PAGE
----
That’s right, bad b*** squad — I’m back at it with the (relative) controversy. I’m about to blow a hole in the concept of finding endless things to write about. Madness. Insanity. [Insert more adjectives here].
You’ve heard the advice. Write an article a day, or at least five times per week. Keep a list of ideas and never stop adding to it. Make topics happen even when you don’t feel inspired, because muses are undependable little assholes who probably won’t show up if you so much as blink hopefully in their direction.
All of this is good advice, conceptually speaking. The issue comes from the way we tend to absorb it. If you’ve been putting pressure on yourself every time you ‘miss’ a post or article (like some tween on a Snapchat streak with her mediocre, too-much-axe-body-spray-wearing, crush), this article is for you.
Sometimes you don’t have anything to write about, and that’s okay. Actually, let me rephrase — sometimes you don’t find any topics you can write about in a meaningful, motivating, or high-quality way. So just…don’t.
There’s another way to do things. It’s called ignoring everyone and taking a big ol’ chill-pill (yes, that was a very 80s thing for me to say, thanks for noticing).
We Don’t Need This Many Articles Or Blog Posts, Anyway
Saturation isn’t merely a vaguely unpleasant-sounding word that makes me think of armpit sweat. It’s also a real phenomenon that’s become somewhat of an issue at various points in our current Information Age, where anyone and everyone can publish work and pretend they are interesting and know what they’re talking about.
Newsflash: they usually don’t. Sorry, mommy-bloggers, but last I checked you weren’t actually a health or psychology expert. Writing a blog that insinuates that you are both of those things? It’s not going to change reality.
And that’s the danger of this write, write, write attitude that says you should always have something to say about something, no matter how empty your creative tank feels or how forced the work feels.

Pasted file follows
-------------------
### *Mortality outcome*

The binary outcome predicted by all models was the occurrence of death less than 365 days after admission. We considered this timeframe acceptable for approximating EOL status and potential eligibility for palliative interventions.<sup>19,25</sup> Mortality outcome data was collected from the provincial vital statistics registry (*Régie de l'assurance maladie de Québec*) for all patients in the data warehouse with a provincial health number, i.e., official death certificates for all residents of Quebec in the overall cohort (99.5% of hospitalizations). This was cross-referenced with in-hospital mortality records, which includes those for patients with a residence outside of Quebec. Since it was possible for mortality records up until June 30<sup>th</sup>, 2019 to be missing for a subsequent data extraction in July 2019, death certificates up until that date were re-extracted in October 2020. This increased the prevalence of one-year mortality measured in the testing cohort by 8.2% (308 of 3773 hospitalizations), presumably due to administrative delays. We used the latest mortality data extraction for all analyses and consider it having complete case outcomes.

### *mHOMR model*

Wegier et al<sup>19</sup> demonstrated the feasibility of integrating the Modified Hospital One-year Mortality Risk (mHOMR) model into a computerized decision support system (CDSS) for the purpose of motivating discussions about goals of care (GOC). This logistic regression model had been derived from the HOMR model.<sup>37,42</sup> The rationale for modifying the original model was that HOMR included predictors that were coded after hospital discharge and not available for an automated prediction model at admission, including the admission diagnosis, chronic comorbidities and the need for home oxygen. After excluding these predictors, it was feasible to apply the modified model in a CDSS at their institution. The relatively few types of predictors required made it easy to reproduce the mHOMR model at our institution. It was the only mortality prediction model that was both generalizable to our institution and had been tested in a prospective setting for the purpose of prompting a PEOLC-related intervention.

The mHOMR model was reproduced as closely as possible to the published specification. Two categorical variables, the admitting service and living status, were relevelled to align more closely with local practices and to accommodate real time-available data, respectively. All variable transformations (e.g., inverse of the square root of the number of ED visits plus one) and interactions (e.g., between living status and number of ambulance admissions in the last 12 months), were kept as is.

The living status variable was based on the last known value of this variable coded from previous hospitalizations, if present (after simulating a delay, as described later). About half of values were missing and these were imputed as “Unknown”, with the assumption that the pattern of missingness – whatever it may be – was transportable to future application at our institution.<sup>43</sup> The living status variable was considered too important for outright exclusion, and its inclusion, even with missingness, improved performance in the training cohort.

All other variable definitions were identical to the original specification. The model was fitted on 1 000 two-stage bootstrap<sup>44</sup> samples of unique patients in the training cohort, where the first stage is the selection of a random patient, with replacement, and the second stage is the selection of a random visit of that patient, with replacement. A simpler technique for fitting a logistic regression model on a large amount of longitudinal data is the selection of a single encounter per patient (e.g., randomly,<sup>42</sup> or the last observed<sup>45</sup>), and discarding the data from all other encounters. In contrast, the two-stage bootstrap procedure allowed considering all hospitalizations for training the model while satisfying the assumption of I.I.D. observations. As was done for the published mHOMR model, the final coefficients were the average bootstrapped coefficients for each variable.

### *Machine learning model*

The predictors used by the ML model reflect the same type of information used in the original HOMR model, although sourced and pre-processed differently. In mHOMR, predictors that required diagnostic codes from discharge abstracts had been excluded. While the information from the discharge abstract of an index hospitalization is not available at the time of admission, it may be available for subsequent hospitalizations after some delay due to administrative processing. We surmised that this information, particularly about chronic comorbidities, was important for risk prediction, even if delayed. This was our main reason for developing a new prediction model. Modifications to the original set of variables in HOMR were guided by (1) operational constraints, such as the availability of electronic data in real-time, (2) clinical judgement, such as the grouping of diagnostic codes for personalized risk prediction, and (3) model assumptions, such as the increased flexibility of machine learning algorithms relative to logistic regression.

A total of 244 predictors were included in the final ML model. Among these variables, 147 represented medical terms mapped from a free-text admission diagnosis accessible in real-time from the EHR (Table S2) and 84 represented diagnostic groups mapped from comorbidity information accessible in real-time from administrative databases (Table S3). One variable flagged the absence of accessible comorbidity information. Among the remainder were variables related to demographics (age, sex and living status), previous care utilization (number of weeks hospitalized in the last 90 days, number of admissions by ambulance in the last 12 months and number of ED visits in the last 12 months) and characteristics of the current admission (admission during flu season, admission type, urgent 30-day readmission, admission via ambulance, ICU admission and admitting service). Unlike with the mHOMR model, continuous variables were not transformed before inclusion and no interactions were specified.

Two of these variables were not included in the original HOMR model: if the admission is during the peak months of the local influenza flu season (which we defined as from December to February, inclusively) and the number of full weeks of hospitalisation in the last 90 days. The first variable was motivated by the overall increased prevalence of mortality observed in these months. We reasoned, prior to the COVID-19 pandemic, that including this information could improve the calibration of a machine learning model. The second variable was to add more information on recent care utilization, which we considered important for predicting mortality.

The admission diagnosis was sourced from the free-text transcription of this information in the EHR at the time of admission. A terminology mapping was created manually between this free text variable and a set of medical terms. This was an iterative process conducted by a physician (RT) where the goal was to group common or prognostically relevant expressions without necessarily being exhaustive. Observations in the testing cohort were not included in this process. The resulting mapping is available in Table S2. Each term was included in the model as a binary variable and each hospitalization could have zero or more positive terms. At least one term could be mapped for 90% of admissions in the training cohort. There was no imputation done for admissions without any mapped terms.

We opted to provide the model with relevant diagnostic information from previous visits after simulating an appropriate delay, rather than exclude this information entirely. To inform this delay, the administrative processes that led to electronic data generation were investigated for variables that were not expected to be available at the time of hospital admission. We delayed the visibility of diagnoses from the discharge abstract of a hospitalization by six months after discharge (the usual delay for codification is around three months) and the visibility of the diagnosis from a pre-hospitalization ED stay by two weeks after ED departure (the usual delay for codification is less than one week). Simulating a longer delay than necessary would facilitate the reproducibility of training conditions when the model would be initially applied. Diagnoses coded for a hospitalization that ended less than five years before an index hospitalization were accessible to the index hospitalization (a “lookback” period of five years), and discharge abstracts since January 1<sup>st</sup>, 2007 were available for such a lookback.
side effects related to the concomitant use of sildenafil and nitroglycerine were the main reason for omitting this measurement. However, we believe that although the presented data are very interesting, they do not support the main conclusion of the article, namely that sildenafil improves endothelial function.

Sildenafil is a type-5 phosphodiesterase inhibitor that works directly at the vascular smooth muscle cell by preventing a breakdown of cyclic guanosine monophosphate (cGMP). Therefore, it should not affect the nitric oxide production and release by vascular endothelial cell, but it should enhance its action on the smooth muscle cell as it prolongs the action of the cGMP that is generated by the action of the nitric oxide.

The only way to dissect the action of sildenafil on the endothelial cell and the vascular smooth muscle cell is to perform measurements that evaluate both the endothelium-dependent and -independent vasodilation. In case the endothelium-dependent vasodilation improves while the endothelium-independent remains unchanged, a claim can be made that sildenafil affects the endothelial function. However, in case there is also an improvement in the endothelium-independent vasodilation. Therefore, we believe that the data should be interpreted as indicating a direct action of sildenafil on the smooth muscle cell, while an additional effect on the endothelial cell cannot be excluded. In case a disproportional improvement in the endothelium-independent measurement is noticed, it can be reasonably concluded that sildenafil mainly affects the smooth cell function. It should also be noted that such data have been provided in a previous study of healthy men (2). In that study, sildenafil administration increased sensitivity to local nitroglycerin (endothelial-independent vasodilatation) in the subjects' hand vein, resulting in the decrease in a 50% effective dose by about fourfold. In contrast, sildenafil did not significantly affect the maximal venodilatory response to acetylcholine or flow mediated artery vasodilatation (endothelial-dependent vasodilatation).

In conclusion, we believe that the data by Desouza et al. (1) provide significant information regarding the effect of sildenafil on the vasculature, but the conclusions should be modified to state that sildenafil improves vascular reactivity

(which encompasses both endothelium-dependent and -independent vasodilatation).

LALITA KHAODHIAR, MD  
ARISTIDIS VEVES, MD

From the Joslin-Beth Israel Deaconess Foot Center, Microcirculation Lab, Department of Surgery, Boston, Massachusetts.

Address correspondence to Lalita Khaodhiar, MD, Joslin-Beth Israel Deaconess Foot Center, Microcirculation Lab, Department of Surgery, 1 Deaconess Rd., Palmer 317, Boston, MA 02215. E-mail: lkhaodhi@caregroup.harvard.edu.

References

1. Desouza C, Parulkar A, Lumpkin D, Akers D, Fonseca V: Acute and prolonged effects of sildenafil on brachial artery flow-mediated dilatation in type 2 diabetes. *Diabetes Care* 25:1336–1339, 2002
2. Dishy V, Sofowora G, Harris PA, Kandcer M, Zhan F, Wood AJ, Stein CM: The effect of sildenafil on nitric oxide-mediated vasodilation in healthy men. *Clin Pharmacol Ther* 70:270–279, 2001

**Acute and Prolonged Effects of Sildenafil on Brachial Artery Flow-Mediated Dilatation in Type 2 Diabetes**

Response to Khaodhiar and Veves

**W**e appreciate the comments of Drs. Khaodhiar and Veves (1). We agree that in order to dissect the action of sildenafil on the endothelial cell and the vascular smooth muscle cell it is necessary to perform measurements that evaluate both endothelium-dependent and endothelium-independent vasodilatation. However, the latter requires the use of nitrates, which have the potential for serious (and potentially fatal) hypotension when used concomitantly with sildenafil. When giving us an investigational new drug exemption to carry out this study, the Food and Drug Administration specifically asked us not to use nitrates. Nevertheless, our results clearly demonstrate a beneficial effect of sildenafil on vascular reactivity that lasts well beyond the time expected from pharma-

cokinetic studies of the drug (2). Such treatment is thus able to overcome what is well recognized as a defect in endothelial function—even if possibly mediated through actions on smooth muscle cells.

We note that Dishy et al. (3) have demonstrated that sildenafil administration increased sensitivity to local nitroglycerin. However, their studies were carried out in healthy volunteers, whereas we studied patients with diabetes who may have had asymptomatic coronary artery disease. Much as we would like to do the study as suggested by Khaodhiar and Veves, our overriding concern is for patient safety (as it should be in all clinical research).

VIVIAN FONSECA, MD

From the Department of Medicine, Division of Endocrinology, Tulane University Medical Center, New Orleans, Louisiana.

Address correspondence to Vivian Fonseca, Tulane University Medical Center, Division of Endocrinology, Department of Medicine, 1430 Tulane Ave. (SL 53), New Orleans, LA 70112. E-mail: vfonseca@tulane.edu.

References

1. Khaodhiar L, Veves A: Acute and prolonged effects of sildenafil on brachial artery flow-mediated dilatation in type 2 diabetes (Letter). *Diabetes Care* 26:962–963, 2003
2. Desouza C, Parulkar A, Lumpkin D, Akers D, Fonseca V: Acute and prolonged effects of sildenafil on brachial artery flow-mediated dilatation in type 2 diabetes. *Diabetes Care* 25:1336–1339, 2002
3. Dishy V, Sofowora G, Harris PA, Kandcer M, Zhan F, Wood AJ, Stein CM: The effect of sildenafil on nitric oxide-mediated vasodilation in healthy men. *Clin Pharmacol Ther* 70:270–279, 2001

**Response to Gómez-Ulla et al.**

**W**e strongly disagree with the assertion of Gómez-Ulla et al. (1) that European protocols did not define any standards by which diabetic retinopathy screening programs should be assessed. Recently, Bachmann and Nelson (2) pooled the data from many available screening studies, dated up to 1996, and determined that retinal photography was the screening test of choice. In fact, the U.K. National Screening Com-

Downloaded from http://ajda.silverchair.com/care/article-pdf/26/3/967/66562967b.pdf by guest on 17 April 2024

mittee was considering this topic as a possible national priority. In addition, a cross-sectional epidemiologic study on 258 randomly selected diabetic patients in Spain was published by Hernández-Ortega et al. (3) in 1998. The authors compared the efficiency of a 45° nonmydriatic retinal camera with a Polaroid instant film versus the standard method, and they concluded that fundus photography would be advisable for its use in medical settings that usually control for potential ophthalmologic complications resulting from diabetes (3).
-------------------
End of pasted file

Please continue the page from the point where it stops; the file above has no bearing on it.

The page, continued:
A good number of bloggers and an even bigger quantity of writers on this very site have fallen deeply into this trap. The result is a vast amount of ‘fluff’ articles that have begun to bury many of these writers’ more inspired work.
This is a shame, really, because I think that’s ultimately more harmful to their brand than not publishing for a week or two. Readers are going to follow you if they like your work. You don’t need to shove 30 articles a month down their throats to achieve this. That’s too kinky for us, anyway.
Pretty much every platform you have provides a follow option. If you write ‘infrequently’ — which, by the way, is a completely subjective, ever-shifting standard of measurement — they’ll still be around and get notified when you do post something.
Make that something a piece with real interest behind it, not a flavorless, junk-food type article that gets forgotten as soon as someone skims through the headlines. Don’t create the writing version of unseasoned fries. Those are gross.
No One Likes A TryHard
To preface this point, being a TryHard isn’t the same thing as trying hard. It’s good to try your hardest to grow and improve as a writer. It’s not good to force out words like those squeezy play-doh molds that got gunked up constantly and inspired generations of toddlers to eat ‘spaghetti’ made of solid, commercial-grade starch.
Someone who tries too hard ends up being either mistrusted or actively disliked, eventually. When you’re constantly dragging up topics from the deepest depths of your saved links and iPhone notes, heedless of whether or not they actually present the world with something unique and worth reading, you become that kid.
The play-doh kid who takes things way too far and ends up super constipated. I was that kid in preschool. It’s totally embarrassing, guys. Don’t overdo it with the topics…topic. It only ends in cramps, tears, and regret.
Also, readers can absolutely sense it when you’re forcing yourself to write about something that doesn’t actually matter to you. We can smell the desperation for fame, fortune, and *wretch* effective brand marketing from a mile away.
We eventually feel uncomfortable reading your work and begin to lose that “spark” that brought us to your page in the first place. TryHards never prosper, my friend, but those who simply try hard and know when to write and when to hold back? Those are the creators who last a lifetime in our hearts and minds.
Some People Just Have More Ideas Than Others, And There’s Nothing Wrong With That
This is my requisite “but on the other hand…” portion of the article. Sorry, I’m a Libra. It do be like that.